Blancpain has its Fifty Fathoms. Rolex has its Submariner. IWC has its Aquatimer. DOXA has its Sub 300T. No matter how many different variations on a theme each of these legendary companies make, a single model stands alone as their icon, and for Omega, its the Seamaster 300.
Also well known among dive watch collectors for creating some of the most heavy-duty professional models of the 60s and 70s, Omega's signature dive watch was neither their most technical, nor their most extreme. The Seamaster 300 was in many ways the answer to the Rolex Submariner; a quality waterproof sports watch capable of 300 meter depths with versatile good looks. Like, really, really good looks.
It's often been said that if James Bond wore an Omega in the early days, it would have been a SM300, and its pretty easy to understand why. With a perfectly proportioned 41mm steel case with twisted lugs, rotating outer bakelite timing bezel, waterproof crown, and a jet black dial with luminous markers and plongeur hands, the SM300 looks great in either date or non-date configuration on just about any strap or bracelet combination you can think of. Backing up those rugged good looks is the tried and true Calibre 565 automatic winding movement with quickset date mechanism, making the SM300 a robust and reliable companion under the cuff of your dinner jacket or strapped to the outside of your wetsuit.
So if this watch is so great, why are we all just hearing about it now? Well, therein lies a story. Here's the short version:
In the early 2000s, Omega divers were one of the first subsets of vintage to "take hold" in the collector community. Values on models such as the SM300, SHOM, and PloProf skyrocketed, and good ones became very hard to acquire. It became such a thing, in fact, that a major auction house held an Omega-only sale which yielded some unbelievable results. The name of that sale? Omegamania.
But then things went to shit. Noticing the incredible demand for vintage Omega sports watches, less-scrupulous sellers began assembling "new" models using genuine Omega parts. Passing them off as "New Old Stock", these modern-constructions flooded the market and wreaked havoc with the values of the genuine articles, ultimately resulting in a crash in the market value of the latter. It took some time for buyers to become savvy to the differences between "genuine vintage" and "genuine parts" watches, and in that time some great timepieces languished with diminished values and virtually no demand. These modern-construction pieces are still available (just look on eBay), but are no longer being passed off as truly vintage (for the most part). It has only been recently that the market has begun to rebound for great vintage examples, and they are coming back with a vengeance!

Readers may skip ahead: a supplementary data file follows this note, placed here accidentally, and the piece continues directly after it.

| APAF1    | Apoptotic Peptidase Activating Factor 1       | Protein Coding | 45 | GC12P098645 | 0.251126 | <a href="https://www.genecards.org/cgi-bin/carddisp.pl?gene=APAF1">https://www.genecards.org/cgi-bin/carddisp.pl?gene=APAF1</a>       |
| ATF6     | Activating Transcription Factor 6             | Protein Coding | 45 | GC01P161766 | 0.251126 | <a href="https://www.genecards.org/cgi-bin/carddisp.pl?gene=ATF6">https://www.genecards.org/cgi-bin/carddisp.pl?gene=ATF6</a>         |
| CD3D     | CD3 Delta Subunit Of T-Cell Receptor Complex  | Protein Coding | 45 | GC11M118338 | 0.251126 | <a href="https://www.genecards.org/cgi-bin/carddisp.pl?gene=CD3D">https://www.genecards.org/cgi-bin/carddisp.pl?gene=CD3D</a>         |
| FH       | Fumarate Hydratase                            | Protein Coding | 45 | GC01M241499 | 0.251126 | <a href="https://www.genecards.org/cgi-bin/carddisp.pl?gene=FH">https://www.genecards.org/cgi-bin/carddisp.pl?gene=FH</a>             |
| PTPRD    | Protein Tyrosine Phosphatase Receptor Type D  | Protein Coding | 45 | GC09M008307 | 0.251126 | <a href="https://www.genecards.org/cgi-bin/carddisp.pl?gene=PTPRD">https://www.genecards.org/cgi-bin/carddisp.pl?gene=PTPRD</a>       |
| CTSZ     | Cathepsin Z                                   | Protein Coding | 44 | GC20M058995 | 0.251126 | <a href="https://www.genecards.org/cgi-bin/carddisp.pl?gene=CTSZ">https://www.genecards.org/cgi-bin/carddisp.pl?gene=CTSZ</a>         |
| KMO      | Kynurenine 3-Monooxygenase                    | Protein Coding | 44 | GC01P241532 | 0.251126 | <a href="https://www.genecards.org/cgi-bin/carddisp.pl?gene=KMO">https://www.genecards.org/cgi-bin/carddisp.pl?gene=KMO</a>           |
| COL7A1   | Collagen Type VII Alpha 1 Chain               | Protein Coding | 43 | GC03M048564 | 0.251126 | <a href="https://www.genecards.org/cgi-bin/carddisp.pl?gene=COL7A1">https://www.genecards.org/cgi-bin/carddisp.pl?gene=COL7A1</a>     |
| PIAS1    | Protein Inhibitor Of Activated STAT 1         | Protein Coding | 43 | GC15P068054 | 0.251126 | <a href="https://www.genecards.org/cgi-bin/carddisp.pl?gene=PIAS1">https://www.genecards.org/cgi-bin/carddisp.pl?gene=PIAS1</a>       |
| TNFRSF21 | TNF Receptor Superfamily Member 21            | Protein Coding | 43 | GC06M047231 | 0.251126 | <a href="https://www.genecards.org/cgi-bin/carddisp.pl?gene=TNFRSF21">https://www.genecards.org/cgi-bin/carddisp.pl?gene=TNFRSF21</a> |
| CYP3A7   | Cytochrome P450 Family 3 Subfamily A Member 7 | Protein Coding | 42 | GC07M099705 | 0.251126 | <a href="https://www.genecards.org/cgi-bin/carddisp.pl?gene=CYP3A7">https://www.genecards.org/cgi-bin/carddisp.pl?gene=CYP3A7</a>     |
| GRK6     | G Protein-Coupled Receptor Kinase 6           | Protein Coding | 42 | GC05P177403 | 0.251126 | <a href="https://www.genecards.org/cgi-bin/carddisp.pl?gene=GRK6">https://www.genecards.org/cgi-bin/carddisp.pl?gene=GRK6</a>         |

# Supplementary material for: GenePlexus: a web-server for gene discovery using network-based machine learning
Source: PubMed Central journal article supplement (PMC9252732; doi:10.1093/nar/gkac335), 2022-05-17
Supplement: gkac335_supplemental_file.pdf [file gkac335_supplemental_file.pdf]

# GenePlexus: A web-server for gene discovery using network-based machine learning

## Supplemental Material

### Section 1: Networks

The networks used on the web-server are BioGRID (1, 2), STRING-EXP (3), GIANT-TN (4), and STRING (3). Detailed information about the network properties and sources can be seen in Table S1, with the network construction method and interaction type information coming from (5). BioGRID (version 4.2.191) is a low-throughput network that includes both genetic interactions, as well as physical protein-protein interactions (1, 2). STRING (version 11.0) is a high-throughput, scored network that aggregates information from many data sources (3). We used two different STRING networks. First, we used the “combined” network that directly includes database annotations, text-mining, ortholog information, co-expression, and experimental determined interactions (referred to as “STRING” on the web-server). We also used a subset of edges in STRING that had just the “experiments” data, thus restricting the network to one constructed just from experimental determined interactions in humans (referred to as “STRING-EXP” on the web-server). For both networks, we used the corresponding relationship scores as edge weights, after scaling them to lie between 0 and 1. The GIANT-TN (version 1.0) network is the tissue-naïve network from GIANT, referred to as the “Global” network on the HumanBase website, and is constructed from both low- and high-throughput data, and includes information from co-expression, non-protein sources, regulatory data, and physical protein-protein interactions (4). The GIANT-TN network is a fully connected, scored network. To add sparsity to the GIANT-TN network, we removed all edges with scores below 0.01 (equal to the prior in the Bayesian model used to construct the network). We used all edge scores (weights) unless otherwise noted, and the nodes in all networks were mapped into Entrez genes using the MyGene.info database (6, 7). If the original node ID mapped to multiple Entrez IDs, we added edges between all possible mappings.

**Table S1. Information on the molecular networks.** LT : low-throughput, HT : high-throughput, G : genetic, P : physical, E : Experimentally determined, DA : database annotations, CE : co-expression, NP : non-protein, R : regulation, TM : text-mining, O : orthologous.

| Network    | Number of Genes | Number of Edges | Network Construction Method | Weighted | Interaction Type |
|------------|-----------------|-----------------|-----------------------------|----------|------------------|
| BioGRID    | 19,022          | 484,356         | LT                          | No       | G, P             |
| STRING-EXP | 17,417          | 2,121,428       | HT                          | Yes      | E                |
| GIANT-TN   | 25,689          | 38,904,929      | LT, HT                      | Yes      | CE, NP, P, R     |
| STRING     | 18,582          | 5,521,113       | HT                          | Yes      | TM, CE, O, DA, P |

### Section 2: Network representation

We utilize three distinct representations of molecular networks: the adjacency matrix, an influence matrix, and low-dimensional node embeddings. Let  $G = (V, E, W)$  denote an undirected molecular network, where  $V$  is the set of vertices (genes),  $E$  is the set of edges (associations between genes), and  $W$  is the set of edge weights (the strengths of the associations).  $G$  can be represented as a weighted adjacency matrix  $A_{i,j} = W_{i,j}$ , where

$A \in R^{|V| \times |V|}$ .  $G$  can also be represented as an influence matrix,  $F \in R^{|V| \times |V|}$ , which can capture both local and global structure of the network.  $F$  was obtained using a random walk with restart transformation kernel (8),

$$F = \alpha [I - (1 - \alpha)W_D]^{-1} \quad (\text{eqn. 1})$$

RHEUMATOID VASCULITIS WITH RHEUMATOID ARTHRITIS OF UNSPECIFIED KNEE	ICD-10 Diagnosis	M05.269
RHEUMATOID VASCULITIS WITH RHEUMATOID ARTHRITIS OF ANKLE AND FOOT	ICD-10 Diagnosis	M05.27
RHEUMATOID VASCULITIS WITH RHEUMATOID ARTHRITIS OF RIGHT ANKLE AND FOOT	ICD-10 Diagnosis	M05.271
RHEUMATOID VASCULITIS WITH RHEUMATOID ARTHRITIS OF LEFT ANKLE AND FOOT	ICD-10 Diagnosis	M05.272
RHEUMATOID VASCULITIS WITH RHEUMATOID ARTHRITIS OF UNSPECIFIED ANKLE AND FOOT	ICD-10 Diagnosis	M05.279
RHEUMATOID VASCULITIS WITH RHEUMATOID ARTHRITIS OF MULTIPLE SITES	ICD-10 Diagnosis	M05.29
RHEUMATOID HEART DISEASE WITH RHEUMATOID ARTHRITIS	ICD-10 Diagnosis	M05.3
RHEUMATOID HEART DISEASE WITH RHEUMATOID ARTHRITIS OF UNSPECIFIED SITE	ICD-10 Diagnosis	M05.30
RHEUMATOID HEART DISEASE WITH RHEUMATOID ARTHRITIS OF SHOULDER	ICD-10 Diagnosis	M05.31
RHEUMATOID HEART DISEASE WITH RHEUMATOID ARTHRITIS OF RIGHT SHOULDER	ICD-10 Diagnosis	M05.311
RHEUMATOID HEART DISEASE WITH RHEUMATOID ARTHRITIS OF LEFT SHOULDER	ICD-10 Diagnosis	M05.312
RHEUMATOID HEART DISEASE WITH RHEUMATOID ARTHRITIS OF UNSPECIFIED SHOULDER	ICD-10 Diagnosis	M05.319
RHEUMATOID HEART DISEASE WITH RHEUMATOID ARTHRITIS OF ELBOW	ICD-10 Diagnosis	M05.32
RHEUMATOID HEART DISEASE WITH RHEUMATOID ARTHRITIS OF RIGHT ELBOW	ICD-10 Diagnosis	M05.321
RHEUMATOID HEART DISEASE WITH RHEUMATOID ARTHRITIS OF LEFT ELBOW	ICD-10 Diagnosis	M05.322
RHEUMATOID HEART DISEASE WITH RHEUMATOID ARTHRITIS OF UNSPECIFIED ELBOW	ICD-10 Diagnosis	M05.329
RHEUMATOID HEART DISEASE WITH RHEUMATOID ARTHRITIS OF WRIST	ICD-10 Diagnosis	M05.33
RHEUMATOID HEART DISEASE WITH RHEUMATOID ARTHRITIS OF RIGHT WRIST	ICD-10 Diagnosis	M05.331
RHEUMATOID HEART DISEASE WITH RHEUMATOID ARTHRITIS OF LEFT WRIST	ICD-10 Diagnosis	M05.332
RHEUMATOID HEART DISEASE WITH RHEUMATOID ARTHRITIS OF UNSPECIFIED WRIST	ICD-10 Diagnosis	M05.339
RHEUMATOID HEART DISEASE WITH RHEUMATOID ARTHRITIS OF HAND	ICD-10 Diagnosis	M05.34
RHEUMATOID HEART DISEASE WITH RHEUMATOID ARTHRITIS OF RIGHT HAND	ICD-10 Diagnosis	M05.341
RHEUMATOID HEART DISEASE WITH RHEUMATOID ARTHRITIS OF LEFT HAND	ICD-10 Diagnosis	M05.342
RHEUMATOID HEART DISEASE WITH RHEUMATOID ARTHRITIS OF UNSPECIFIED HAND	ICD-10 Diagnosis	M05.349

This is likely due in some part to the recent Seamaster 300 tribute models introduced by Omega last year, as well as the fact that Mr. Bond took one for a spin in his most recent outing. About time.
This particular timepiece, a Reference 166.024 date model, is particularly desirable for collectors due to a rare dial configuration. Known as "Big Triangle" or "Big T" dials, these watches feature a large triangular plot at 12:00, most commonly associated with military-issued models. While no-date Big Ts have some documented history of military issue, it is generally thought that date model versions such as this one may have initially been configured for officers.
Whatever the case, finding an untouched original SM300, (never mind a Big Triangle model!) today is becoming a truly difficult endeavor. This example features an honest original case with light wear, a gorgeously aged bakelite bezel insert, and a properly patinated dial and handset with original luminescent material. Paired up with a Bond-color NATO, we've got this beauty ready to go, but we suspect it won't last long...
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